Life doesn't always make sense, and I guess that's okay. I trust that I don't have to have it all together to make it count. Thanks be to God.
Monday, June 24, 2013
Sunday, June 2, 2013
We've been planning this trip for a year. The dates were set in stone at least six months ago. Funds have come pouring in since December, enough to pay for the installation of three water systems plus some. Everything seemed to be going just perfect, and I was sure that we had it all under control.
That was my first mistake: thinking that I had it under control. It's not mine to have under control.
Our first flight out of Louisville was delayed by 7 hours, making it impossible to make our next flight to Frankfurt Germany. We were told that we'd be re-routed through London instead, allowing us to arrive in Ethiopia just a few hours later than originally planned. No worries. We were even promised business class the whole way! When we arrived in Newark, however, we were told that the London flight was not possible, and we were placed back on a flight through Frankfurt the following day. Our luggage had been stopped in Newark already, and we went to retrieve it but were told it was being re-ticketed already for our new flight.
We arrived in Addis Ababa on a Saturday night, 24 hours later than planned, tired from a grueling 48 hours of travel, but still excited to do the work God placed on our hearts. We got through the visa line and exchanged money with no problem. We walked to the baggage claim area and waited for the carousel to begin to move. We waited. And waited. And waited. And waited.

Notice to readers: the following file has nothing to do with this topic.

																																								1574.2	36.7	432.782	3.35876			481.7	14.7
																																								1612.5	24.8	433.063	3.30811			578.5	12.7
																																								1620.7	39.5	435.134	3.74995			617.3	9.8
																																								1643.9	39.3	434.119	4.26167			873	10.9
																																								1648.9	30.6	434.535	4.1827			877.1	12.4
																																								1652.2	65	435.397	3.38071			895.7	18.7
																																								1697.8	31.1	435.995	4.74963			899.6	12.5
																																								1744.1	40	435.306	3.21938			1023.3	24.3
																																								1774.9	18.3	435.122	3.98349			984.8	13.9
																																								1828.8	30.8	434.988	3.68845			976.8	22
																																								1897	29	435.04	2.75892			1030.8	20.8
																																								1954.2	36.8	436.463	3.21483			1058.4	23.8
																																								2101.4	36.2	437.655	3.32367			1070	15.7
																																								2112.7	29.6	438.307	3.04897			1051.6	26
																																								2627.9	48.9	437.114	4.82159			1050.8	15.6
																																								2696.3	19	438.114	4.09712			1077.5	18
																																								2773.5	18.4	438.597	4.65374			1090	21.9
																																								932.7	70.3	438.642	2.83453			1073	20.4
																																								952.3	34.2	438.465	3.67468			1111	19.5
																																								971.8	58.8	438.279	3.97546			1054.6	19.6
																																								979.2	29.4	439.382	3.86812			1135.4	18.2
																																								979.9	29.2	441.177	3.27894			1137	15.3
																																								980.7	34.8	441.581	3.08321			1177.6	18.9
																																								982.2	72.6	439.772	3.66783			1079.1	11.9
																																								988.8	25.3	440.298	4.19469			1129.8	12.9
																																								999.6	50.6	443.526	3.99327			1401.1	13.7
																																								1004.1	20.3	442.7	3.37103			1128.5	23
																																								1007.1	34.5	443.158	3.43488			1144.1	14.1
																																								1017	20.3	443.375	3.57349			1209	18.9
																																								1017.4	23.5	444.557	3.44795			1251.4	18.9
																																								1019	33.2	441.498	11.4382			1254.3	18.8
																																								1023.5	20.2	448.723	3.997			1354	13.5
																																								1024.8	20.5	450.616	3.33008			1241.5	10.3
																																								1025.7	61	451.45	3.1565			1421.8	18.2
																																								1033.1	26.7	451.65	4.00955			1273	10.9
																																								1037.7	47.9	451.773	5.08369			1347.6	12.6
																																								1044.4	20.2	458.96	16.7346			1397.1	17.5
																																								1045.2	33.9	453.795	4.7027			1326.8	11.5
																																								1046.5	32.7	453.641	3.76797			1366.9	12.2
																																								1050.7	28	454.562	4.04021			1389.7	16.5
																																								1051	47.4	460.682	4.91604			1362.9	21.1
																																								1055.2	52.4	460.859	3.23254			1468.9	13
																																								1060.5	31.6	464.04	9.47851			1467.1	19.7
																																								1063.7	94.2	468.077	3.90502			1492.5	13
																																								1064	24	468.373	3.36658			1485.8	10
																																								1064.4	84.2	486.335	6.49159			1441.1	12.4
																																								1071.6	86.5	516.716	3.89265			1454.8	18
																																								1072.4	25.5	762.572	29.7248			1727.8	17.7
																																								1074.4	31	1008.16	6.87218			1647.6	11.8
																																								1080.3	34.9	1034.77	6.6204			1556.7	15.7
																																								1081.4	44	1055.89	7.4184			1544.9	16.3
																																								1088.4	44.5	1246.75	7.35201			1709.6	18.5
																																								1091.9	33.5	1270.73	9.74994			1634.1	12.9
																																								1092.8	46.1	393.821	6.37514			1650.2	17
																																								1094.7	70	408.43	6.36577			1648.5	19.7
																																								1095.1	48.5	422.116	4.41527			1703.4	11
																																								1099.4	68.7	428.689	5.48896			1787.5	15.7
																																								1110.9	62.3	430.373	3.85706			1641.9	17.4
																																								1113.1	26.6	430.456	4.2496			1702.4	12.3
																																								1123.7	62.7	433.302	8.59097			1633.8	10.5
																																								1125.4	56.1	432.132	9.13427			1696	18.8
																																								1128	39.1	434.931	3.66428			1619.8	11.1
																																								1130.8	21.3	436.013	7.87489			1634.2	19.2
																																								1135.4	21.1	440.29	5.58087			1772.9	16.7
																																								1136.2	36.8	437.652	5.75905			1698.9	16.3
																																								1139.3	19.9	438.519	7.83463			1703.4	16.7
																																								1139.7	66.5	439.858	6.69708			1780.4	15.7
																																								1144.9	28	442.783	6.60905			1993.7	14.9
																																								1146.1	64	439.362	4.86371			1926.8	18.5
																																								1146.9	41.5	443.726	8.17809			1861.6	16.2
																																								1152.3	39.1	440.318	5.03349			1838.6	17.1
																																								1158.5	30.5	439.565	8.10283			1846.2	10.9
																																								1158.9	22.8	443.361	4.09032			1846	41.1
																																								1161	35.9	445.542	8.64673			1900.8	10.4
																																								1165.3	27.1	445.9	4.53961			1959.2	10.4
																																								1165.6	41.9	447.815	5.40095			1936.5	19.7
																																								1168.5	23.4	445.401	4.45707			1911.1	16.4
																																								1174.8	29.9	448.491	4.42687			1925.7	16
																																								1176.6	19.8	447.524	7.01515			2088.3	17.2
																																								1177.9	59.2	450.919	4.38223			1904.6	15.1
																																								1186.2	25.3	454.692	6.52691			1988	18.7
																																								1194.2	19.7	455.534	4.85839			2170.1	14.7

Ethiopian staff told us that our luggage had indeed made it to Frankfurt, but did not get on the plane to Addis. "It should arrive tomorrow night", we were told.
It did not.
Two days after arrival we had luggage, but Customs held us up and would not allow us to bring in the water systems. After hours of trying to get them through, we were told to leave and come back the next day. We were already supposed to have been gone to Awassa to set up two systems, and this would delay us yet another day. To say that I was frustrated is the understatement of the year. I was angry, indignant, sure that God would show Himself and miraculously let us have them.
The next day, they said "no" again. That story is a whole other blog post for another day. But at that "no", I stopped asking God to give me my way, and just show me Himself. He revealed that He had been doing just that all along, from the very first day that I wore my pink t-shirt and continued to wear it because we had no other luggage. Prior to this trip, God had been dealing with me about the excess in my life- excess food, excess clothing, excess stuff in the house, excess everything. And here I found myself in Ethiopia with no excess at all, just a pair of jeans and a pink t-shirt. What I found was that the mornings were much simpler because I didn't worry over what I was going to wear. Instead, I found myself with time on my hands and in the Word. hmmm, there's a thought!
As I rode through the streets of Addis Ababa, I saw person after person wearing clothing that was torn and tattered and did not fit well. But they weren't concerned about that; they were concerned about the person beside them. Men were shaking hands and holding hands. Women were kissing each other on the cheek. Laughter rang throughout the streets. Smiles were everywhere. You see, they didn't have the distraction of what they wore to keep them from really sinking their teeth into life. They value relationships above all else. They love each other well. And so, I began to dive in and really get to know my teammates. And to my surprise, I found that deep abiding friendships can grow overnight, that there are people you can meet and instantly have a connection with that is beyond understanding. I learned that telling our stories grows our relationships even further, and conversations around a breakfast table or in a dark room with no electricity make eternal impressions.